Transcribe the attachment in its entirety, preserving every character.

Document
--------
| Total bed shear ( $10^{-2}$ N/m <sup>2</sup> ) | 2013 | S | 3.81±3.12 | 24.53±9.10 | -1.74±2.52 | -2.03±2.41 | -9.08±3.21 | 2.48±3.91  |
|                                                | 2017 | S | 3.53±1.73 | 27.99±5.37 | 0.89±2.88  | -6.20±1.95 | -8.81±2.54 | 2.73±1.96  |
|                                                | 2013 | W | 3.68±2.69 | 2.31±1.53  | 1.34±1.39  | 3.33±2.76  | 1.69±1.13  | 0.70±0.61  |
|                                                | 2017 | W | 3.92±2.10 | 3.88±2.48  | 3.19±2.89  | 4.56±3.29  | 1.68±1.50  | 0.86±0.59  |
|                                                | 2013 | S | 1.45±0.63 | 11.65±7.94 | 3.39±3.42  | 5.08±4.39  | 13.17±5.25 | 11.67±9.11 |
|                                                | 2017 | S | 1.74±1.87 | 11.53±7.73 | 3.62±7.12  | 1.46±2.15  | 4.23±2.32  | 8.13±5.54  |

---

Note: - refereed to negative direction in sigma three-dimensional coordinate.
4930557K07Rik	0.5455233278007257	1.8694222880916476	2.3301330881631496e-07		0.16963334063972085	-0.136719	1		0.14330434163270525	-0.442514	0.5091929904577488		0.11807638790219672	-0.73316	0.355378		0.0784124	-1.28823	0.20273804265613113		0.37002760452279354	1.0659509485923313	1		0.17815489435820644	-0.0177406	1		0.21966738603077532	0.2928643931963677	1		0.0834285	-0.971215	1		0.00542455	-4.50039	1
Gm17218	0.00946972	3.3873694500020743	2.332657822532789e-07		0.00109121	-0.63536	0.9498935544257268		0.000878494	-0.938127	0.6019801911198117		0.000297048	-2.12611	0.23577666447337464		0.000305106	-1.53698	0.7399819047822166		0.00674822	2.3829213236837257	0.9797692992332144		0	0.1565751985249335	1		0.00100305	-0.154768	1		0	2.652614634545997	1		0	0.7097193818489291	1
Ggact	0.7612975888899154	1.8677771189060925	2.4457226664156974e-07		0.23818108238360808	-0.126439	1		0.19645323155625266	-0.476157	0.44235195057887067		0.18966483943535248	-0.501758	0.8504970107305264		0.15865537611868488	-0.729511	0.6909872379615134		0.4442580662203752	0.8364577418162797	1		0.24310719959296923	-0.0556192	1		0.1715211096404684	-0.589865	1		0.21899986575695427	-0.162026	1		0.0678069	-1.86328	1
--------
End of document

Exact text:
| Total bed shear ( $10^{-2}$ N/m <sup>2</sup> ) | 2013 | S | 3.81±3.12 | 24.53±9.10 | -1.74±2.52 | -2.03±2.41 | -9.08±3.21 | 2.48±3.91  |
|                                                | 2017 | S | 3.53±1.73 | 27.99±5.37 | 0.89±2.88  | -6.20±1.95 | -8.81±2.54 | 2.73±1.96  |
|                                                | 2013 | W | 3.68±2.69 | 2.31±1.53  | 1.34±1.39  | 3.33±2.76  | 1.69±1.13  | 0.70±0.61  |
|                                                | 2017 | W | 3.92±2.10 | 3.88±2.48  | 3.19±2.89  | 4.56±3.29  | 1.68±1.50  | 0.86±0.59  |
|                                                | 2013 | S | 1.45±0.63 | 11.65±7.94 | 3.39±3.42  | 5.08±4.39  | 13.17±5.25 | 11.67±9.11 |
|                                                | 2017 | S | 1.74±1.87 | 11.53±7.73 | 3.62±7.12  | 1.46±2.15  | 4.23±2.32  | 8.13±5.54  |

---

Note: - refereed to negative direction in sigma three-dimensional coordinate.
4930557K07Rik	0.5455233278007257	1.8694222880916476	2.3301330881631496e-07		0.16963334063972085	-0.136719	1		0.14330434163270525	-0.442514	0.5091929904577488		0.11807638790219672	-0.73316	0.355378		0.0784124	-1.28823	0.20273804265613113		0.37002760452279354	1.0659509485923313	1		0.17815489435820644	-0.0177406	1		0.21966738603077532	0.2928643931963677	1		0.0834285	-0.971215	1		0.00542455	-4.50039	1
Gm17218	0.00946972	3.3873694500020743	2.332657822532789e-07		0.00109121	-0.63536	0.9498935544257268		0.000878494	-0.938127	0.6019801911198117		0.000297048	-2.12611	0.23577666447337464		0.000305106	-1.53698	0.7399819047822166		0.00674822	2.3829213236837257	0.9797692992332144		0	0.1565751985249335	1		0.00100305	-0.154768	1		0	2.652614634545997	1		0	0.7097193818489291	1
Ggact	0.7612975888899154	1.8677771189060925	2.4457226664156974e-07		0.23818108238360808	-0.126439	1		0.19645323155625266	-0.476157	0.44235195057887067		0.18966483943535248	-0.501758	0.8504970107305264		0.15865537611868488	-0.729511	0.6909872379615134		0.4442580662203752	0.8364577418162797	1		0.24310719959296923	-0.0556192	1		0.1715211096404684	-0.589865	1		0.21899986575695427	-0.162026	1		0.0678069	-1.86328	1